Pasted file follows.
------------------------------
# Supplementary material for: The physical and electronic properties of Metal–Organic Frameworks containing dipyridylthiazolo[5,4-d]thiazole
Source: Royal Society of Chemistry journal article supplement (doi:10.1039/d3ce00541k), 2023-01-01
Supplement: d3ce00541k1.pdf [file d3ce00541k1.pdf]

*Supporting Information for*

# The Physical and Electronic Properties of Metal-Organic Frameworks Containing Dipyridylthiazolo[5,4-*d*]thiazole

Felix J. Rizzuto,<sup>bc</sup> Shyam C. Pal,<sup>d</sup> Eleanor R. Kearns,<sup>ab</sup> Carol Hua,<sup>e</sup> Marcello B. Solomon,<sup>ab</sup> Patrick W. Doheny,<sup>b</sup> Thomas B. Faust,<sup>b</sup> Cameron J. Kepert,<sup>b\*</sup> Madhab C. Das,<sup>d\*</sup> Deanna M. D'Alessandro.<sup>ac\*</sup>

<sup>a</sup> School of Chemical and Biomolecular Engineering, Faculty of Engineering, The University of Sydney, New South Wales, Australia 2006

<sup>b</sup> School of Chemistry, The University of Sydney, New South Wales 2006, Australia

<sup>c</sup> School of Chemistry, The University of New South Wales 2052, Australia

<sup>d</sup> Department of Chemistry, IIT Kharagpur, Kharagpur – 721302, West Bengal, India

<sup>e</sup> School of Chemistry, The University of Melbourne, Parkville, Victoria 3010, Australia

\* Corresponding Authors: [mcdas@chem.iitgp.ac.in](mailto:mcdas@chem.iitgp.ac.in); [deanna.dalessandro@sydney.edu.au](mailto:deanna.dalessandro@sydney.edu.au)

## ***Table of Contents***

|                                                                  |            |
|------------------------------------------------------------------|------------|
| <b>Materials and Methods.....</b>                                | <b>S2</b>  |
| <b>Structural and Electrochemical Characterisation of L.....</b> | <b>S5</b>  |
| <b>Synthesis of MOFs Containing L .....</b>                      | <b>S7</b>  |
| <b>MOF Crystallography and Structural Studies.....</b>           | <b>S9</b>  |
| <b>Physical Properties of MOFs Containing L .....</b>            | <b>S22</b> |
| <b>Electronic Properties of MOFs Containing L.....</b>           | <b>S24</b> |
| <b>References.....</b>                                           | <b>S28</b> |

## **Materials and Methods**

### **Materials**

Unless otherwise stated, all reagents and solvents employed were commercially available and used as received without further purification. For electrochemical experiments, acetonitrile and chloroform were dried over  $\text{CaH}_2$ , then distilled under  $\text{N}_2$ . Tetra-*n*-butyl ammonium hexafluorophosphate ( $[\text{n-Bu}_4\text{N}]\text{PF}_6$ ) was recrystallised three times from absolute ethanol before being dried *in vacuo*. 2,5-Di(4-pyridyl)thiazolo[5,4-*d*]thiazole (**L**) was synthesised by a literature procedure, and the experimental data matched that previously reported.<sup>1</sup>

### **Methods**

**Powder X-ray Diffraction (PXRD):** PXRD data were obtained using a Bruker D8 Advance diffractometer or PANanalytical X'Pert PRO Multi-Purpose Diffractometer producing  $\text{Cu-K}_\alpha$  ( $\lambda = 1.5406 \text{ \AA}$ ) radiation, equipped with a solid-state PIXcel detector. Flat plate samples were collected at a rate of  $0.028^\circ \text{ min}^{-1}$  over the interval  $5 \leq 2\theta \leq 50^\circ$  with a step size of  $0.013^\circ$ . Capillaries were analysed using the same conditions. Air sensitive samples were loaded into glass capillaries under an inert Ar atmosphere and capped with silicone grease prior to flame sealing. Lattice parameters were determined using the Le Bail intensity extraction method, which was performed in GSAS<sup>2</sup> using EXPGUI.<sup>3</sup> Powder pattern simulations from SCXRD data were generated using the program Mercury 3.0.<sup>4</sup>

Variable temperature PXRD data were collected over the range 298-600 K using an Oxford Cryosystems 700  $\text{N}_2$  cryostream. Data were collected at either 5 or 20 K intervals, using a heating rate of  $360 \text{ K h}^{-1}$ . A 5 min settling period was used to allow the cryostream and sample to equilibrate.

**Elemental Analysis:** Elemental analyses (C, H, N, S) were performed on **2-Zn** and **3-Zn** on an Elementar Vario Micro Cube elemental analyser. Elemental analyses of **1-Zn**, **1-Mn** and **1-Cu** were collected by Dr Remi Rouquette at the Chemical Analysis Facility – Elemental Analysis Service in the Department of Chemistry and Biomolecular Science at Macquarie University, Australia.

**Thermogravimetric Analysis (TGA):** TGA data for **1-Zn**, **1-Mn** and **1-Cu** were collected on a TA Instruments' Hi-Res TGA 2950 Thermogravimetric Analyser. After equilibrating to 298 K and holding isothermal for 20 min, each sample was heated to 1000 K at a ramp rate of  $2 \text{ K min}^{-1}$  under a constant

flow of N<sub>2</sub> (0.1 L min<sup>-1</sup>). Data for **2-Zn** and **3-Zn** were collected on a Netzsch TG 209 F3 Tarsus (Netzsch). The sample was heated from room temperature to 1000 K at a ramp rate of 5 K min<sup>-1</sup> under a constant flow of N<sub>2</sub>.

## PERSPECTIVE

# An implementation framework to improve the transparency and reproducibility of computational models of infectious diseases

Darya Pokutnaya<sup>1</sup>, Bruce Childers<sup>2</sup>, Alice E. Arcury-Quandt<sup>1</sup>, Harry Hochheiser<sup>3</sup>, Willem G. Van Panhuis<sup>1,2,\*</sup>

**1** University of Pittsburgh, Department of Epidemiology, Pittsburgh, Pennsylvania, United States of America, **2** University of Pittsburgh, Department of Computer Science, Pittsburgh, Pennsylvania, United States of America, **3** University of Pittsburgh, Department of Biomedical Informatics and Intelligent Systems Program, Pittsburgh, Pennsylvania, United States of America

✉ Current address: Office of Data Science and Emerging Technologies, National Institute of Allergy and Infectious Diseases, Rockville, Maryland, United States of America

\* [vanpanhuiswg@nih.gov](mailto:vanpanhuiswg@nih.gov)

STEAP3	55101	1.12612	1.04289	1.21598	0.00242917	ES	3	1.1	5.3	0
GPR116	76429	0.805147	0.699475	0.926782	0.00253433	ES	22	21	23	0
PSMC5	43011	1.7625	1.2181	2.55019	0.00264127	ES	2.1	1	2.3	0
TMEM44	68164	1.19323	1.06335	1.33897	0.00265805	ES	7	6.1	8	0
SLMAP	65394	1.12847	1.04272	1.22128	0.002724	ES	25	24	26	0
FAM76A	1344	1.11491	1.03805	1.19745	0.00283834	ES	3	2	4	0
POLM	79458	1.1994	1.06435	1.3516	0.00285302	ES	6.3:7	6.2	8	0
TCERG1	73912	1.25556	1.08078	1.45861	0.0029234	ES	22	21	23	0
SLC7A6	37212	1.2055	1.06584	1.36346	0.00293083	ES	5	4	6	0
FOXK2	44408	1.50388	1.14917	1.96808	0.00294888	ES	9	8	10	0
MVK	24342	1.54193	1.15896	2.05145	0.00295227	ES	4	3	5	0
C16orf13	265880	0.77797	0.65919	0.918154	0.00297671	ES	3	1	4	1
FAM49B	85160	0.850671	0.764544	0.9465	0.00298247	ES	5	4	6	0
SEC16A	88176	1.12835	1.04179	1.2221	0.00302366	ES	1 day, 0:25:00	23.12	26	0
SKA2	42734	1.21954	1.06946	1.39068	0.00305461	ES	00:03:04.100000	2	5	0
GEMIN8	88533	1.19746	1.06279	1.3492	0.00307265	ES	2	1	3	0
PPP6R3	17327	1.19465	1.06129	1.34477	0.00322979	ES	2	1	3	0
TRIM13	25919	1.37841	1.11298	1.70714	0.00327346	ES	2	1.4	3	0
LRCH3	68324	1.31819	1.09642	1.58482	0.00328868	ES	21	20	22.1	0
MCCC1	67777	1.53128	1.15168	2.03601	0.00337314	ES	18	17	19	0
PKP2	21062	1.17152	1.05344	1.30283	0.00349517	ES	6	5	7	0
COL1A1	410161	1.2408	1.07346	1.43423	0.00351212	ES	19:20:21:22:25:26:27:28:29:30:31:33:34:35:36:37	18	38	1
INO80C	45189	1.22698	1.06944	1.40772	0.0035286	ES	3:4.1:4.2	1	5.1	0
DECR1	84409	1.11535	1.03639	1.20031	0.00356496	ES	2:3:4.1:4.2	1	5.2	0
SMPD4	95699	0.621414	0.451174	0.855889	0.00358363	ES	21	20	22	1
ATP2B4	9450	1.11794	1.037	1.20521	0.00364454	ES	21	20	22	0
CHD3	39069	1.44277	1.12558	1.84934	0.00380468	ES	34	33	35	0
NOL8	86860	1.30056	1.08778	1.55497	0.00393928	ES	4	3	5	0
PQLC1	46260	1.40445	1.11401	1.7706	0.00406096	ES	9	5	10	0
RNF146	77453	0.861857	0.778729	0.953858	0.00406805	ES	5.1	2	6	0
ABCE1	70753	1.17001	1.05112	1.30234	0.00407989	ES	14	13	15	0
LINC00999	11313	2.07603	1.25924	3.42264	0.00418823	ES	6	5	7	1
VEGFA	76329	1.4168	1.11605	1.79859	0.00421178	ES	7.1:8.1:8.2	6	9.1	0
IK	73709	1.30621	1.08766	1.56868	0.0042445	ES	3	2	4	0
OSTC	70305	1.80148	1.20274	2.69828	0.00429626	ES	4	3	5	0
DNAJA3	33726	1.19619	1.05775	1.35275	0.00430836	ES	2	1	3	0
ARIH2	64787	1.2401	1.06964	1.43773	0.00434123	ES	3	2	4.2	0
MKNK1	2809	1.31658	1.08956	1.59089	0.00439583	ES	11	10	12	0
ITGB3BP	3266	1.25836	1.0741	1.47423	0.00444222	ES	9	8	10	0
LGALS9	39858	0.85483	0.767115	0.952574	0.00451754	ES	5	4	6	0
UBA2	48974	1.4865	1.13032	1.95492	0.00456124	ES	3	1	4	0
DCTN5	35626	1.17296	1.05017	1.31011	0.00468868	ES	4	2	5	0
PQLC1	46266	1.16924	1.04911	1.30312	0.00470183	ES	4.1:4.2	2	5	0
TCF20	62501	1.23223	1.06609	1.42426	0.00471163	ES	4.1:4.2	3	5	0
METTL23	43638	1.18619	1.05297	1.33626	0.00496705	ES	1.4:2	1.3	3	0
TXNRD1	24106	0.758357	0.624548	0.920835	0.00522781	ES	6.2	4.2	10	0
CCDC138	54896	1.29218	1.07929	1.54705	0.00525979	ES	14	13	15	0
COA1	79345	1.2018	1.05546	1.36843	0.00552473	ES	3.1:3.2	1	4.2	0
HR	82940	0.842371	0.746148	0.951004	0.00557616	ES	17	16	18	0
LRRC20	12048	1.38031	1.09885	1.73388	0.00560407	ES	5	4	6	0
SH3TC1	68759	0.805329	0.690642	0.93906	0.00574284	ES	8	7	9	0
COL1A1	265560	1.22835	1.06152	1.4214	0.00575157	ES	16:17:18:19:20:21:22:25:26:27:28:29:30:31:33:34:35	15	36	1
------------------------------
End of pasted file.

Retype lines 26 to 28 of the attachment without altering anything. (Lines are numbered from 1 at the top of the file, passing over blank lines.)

### **Methods**

**Powder X-ray Diffraction (PXRD):** PXRD data were obtained using a Bruker D8 Advance diffractometer or PANanalytical X'Pert PRO Multi-Purpose Diffractometer producing  $\text{Cu-K}_\alpha$  ( $\lambda = 1.5406 \text{ \AA}$ ) radiation, equipped with a solid-state PIXcel detector. Flat plate samples were collected at a rate of  $0.028^\circ \text{ min}^{-1}$  over the interval  $5 \leq 2\theta \leq 50^\circ$  with a step size of  $0.013^\circ$ . Capillaries were analysed using the same conditions. Air sensitive samples were loaded into glass capillaries under an inert Ar atmosphere and capped with silicone grease prior to flame sealing. Lattice parameters were determined using the Le Bail intensity extraction method, which was performed in GSAS<sup>2</sup> using EXPGUI.<sup>3</sup> Powder pattern simulations from SCXRD data were generated using the program Mercury 3.0.<sup>4</sup>

Variable temperature PXRD data were collected over the range 298-600 K using an Oxford Cryosystems 700  $\text{N}_2$  cryostream. Data were collected at either 5 or 20 K intervals, using a heating rate of  $360 \text{ K h}^{-1}$ . A 5 min settling period was used to allow the cryostream and sample to equilibrate.